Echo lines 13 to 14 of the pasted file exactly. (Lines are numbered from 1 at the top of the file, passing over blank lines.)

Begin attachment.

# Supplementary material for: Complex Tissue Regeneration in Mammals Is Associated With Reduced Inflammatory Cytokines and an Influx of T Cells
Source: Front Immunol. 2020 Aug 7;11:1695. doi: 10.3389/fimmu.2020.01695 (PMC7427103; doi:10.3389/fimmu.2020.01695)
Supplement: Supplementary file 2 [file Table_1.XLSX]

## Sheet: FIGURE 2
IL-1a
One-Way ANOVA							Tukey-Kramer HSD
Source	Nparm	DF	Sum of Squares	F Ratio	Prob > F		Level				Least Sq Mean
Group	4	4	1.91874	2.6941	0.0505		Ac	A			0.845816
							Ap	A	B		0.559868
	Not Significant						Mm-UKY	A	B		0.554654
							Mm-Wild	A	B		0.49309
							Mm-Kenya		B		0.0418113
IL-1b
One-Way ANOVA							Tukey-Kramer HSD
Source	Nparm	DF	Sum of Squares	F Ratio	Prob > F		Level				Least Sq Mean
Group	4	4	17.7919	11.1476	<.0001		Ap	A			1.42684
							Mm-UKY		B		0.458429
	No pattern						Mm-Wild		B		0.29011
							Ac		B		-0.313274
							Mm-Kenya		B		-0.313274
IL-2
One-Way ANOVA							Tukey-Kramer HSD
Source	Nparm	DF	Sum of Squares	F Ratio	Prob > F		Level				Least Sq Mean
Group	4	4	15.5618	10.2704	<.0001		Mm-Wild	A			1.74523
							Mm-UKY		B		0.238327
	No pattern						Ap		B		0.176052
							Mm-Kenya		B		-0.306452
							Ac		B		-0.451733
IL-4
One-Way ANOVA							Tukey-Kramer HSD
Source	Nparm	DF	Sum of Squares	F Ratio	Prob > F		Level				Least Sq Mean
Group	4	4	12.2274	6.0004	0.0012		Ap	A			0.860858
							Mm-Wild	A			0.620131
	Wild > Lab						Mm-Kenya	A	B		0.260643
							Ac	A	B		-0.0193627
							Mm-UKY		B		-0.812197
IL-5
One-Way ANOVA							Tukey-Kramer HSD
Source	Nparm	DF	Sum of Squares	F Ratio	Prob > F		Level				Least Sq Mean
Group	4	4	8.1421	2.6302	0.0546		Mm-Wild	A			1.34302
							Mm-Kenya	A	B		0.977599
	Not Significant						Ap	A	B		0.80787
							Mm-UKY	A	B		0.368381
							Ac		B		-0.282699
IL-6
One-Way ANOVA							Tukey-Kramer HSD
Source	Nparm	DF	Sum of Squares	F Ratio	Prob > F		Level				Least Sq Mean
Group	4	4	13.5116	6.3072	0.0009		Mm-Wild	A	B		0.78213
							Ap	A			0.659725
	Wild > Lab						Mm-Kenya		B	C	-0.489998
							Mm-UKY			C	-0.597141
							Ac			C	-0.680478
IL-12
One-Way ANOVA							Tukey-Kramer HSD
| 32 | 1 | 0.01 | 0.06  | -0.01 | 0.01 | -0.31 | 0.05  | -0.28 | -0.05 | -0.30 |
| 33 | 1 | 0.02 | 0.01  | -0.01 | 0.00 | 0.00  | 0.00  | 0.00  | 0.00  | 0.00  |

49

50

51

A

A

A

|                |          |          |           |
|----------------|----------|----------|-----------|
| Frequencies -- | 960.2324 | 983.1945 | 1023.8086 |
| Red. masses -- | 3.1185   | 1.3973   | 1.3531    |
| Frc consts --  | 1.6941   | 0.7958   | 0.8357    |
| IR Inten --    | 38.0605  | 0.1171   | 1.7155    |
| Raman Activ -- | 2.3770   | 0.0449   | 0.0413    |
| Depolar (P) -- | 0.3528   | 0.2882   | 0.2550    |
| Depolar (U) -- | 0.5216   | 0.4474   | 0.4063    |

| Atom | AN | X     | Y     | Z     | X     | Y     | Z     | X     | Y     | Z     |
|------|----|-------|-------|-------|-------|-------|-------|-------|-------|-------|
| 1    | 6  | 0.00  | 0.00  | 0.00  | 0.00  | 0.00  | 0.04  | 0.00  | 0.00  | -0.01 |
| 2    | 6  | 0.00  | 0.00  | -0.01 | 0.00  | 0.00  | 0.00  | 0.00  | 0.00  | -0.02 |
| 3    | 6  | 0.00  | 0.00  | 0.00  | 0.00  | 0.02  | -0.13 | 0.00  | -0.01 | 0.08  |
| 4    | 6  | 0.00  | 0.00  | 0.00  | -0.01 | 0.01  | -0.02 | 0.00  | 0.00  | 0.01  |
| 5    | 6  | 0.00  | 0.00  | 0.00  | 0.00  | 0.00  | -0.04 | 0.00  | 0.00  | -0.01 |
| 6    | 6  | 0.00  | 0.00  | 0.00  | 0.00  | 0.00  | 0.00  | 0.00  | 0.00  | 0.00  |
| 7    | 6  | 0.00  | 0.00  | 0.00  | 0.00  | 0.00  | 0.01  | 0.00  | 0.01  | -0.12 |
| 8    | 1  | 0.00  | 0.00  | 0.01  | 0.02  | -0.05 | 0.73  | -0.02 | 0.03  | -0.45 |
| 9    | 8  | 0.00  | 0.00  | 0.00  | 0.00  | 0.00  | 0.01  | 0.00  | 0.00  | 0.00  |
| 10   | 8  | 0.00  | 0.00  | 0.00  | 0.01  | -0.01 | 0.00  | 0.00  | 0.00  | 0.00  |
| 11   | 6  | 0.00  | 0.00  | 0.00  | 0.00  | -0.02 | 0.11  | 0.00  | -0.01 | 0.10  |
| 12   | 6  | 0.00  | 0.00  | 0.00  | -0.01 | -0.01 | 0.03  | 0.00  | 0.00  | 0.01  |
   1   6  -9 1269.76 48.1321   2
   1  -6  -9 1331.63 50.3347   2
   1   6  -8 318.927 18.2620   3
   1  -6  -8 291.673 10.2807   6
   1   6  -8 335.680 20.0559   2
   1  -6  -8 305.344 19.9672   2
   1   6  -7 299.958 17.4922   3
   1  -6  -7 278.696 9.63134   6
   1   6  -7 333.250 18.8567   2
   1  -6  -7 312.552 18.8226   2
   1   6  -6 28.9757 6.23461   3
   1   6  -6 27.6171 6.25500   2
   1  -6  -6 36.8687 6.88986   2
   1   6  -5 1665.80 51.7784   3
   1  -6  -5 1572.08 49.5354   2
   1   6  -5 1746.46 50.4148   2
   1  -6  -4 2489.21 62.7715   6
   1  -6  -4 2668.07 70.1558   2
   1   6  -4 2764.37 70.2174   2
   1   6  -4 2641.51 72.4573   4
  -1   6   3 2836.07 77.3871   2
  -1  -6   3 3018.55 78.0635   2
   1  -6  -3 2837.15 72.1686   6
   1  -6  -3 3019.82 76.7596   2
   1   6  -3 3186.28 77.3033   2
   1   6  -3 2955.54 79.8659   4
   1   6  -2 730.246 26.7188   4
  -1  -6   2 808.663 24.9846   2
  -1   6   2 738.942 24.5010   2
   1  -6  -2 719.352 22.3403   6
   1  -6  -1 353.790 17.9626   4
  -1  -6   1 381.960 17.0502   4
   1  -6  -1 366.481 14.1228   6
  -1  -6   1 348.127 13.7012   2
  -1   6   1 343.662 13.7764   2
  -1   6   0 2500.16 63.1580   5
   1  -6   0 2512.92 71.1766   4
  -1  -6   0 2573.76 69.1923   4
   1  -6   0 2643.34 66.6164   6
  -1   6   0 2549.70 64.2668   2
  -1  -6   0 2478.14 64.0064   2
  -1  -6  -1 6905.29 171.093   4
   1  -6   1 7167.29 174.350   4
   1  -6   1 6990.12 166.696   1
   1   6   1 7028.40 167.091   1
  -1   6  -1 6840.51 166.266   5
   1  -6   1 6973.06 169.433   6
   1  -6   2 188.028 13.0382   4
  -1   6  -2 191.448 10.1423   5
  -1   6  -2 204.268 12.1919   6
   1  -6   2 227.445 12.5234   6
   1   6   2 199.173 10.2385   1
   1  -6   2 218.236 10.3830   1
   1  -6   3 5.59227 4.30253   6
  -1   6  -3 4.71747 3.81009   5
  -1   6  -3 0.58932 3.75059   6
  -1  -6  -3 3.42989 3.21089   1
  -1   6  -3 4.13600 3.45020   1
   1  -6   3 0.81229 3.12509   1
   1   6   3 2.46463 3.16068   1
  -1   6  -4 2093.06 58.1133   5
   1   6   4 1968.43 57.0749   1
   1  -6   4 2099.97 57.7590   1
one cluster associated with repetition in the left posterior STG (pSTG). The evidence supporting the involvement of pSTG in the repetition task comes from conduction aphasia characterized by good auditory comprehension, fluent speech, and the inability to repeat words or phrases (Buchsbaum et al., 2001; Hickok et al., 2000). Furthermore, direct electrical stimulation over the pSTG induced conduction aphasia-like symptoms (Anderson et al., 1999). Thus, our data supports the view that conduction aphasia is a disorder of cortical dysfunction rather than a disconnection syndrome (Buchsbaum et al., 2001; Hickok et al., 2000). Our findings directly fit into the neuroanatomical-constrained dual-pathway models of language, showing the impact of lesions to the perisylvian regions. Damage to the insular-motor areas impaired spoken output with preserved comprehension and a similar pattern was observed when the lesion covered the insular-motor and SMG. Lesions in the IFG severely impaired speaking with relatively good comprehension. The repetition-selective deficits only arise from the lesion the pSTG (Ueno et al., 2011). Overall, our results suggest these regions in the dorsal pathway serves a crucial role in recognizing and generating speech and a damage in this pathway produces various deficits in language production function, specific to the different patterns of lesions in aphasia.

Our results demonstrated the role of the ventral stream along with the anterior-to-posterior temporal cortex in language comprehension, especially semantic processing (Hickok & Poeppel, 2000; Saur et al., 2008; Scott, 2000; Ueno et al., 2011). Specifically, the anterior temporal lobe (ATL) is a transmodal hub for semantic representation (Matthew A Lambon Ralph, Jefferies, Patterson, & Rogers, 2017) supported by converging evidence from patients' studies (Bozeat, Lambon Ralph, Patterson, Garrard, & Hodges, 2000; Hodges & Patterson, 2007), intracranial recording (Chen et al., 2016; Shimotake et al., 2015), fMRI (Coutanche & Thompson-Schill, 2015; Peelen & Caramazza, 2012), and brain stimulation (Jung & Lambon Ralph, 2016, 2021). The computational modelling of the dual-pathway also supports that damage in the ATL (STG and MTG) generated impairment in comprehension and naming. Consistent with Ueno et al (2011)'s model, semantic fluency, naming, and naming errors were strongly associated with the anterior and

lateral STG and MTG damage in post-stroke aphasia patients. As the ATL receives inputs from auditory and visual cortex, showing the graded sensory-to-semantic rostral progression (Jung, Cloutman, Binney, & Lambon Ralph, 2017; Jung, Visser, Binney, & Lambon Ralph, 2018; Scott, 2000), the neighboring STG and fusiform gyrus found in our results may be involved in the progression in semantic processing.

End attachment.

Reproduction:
IL-1b
One-Way ANOVA							Tukey-Kramer HSD